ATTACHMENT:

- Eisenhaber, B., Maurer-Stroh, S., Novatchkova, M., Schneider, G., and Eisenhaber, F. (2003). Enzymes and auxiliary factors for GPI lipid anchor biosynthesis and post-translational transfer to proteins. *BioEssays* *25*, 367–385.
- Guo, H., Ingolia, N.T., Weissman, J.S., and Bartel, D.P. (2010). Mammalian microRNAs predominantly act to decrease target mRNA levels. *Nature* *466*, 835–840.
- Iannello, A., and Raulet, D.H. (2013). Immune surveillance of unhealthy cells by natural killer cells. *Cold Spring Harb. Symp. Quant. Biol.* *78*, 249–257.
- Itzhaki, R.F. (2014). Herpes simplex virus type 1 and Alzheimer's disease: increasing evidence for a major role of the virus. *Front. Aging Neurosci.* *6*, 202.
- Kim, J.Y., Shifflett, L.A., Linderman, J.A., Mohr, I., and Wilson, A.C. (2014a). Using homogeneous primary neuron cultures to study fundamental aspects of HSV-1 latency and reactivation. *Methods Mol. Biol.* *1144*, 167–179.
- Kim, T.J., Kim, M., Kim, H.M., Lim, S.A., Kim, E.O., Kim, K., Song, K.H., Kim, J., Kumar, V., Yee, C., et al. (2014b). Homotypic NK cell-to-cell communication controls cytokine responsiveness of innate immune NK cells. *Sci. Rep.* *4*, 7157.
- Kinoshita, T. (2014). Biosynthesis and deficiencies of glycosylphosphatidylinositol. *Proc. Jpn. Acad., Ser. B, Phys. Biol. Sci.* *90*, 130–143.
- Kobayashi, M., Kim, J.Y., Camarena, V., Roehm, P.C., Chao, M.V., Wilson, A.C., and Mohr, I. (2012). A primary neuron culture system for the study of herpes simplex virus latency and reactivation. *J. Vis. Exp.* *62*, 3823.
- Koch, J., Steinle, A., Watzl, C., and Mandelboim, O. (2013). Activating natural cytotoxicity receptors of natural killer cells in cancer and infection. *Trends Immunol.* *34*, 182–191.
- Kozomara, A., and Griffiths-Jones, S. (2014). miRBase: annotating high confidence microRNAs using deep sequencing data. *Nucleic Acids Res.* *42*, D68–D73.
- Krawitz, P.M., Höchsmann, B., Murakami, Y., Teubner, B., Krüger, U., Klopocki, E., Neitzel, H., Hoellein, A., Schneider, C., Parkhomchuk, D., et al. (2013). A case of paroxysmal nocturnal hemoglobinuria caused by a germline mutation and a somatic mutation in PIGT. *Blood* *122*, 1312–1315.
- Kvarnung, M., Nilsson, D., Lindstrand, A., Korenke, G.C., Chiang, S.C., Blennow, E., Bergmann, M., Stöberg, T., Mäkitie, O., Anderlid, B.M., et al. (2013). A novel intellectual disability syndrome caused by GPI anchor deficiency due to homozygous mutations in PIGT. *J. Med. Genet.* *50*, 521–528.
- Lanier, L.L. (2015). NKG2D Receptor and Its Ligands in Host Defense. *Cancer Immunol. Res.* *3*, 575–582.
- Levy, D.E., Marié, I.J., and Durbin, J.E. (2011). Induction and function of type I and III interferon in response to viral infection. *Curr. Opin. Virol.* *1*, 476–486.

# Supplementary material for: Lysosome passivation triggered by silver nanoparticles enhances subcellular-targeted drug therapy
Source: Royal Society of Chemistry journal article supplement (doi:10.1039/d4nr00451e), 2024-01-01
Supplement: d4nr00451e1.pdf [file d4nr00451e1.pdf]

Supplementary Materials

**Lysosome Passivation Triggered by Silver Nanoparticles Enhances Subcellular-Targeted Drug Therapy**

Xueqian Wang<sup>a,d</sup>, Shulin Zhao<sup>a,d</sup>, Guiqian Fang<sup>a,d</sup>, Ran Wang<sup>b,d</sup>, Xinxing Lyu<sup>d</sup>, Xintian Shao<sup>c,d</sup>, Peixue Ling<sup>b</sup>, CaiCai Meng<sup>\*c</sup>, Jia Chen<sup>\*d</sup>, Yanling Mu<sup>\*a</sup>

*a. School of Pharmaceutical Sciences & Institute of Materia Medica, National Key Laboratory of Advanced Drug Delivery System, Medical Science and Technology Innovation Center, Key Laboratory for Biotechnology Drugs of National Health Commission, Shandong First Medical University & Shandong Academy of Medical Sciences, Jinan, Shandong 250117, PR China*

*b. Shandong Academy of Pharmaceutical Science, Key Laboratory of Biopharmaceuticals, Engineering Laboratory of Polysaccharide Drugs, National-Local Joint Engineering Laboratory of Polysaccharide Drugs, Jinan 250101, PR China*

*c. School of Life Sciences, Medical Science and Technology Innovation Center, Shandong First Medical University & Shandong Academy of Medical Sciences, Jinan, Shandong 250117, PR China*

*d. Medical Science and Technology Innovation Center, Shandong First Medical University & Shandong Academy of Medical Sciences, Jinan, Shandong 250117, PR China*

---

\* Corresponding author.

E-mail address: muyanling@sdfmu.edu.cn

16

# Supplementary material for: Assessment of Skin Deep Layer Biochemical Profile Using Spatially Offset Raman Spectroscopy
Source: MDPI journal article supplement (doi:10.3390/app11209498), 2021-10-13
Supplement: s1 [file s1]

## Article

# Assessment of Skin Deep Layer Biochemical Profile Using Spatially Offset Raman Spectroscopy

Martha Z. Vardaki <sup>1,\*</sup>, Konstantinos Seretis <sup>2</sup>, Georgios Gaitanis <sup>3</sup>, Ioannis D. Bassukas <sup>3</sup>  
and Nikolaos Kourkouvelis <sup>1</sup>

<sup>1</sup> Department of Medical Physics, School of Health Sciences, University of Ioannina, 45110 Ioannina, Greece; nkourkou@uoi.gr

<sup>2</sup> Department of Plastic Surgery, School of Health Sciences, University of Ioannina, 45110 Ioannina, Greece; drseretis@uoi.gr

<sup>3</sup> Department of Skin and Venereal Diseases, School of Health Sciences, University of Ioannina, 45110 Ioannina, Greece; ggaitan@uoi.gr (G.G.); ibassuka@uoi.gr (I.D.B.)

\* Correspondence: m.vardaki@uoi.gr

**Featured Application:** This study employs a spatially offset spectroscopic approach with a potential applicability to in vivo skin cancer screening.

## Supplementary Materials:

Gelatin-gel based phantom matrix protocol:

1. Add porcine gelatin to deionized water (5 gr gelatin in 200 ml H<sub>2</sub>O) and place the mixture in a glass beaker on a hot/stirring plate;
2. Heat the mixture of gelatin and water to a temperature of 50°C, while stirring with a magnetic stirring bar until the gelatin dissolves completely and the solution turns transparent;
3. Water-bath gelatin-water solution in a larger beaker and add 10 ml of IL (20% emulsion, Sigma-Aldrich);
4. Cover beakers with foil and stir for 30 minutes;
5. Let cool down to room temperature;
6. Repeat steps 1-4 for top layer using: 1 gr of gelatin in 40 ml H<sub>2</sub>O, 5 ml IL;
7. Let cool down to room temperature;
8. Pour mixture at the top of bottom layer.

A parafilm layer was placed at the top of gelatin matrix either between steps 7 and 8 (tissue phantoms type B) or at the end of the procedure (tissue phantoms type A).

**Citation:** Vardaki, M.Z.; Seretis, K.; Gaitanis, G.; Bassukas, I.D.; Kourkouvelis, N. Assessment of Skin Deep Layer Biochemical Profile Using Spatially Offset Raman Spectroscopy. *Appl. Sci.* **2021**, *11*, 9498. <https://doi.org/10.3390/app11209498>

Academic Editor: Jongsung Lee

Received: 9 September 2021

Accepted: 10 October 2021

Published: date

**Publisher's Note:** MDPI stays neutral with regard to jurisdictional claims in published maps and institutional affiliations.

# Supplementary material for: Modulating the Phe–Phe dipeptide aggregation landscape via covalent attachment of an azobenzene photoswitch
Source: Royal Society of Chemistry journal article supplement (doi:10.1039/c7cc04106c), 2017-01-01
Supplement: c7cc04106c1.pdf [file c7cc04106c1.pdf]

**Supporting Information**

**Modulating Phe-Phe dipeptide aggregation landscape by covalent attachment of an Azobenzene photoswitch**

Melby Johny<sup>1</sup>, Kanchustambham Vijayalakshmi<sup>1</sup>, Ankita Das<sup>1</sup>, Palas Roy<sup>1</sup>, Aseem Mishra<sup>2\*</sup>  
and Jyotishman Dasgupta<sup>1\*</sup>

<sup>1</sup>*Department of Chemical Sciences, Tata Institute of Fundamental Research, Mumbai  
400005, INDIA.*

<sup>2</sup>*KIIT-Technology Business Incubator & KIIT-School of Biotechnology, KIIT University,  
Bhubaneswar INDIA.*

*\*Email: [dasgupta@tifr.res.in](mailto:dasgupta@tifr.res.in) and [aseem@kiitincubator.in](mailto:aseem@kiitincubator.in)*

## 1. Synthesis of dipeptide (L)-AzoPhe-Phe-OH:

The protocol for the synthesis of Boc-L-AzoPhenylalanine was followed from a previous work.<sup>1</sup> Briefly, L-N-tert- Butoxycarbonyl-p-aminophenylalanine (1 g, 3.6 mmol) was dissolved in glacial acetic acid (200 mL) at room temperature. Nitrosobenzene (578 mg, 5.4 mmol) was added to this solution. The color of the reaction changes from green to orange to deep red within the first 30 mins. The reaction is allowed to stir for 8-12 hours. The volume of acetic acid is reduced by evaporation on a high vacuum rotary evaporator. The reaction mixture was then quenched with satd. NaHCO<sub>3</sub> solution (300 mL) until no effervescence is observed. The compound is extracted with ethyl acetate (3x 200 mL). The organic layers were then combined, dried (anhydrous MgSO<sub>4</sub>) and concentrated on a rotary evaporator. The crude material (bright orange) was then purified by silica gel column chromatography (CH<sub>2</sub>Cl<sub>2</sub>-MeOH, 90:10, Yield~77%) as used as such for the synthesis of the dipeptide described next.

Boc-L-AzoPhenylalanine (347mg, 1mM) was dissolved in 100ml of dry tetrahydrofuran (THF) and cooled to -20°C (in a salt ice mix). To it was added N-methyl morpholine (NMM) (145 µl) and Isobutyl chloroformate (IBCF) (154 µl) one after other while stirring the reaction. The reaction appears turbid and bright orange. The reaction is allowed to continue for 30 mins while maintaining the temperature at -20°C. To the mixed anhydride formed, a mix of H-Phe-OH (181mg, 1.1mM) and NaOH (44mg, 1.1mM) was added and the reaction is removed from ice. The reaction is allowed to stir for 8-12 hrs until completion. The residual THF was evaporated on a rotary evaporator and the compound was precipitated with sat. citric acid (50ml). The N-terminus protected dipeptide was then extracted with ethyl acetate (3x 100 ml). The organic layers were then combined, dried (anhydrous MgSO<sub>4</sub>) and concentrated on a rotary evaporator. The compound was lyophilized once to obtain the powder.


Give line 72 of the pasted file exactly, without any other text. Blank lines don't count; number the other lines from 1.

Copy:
Boc-L-AzoPhenylalanine (347mg, 1mM) was dissolved in 100ml of dry tetrahydrofuran (THF) and cooled to -20°C (in a salt ice mix). To it was added N-methyl morpholine (NMM) (145 µl) and Isobutyl chloroformate (IBCF) (154 µl) one after other while stirring the reaction. The reaction appears turbid and bright orange. The reaction is allowed to continue for 30 mins while maintaining the temperature at -20°C. To the mixed anhydride formed, a mix of H-Phe-OH (181mg, 1.1mM) and NaOH (44mg, 1.1mM) was added and the reaction is removed from ice. The reaction is allowed to stir for 8-12 hrs until completion. The residual THF was evaporated on a rotary evaporator and the compound was precipitated with sat. citric acid (50ml). The N-terminus protected dipeptide was then extracted with ethyl acetate (3x 100 ml). The organic layers were then combined, dried (anhydrous MgSO<sub>4</sub>) and concentrated on a rotary evaporator. The compound was lyophilized once to obtain the powder.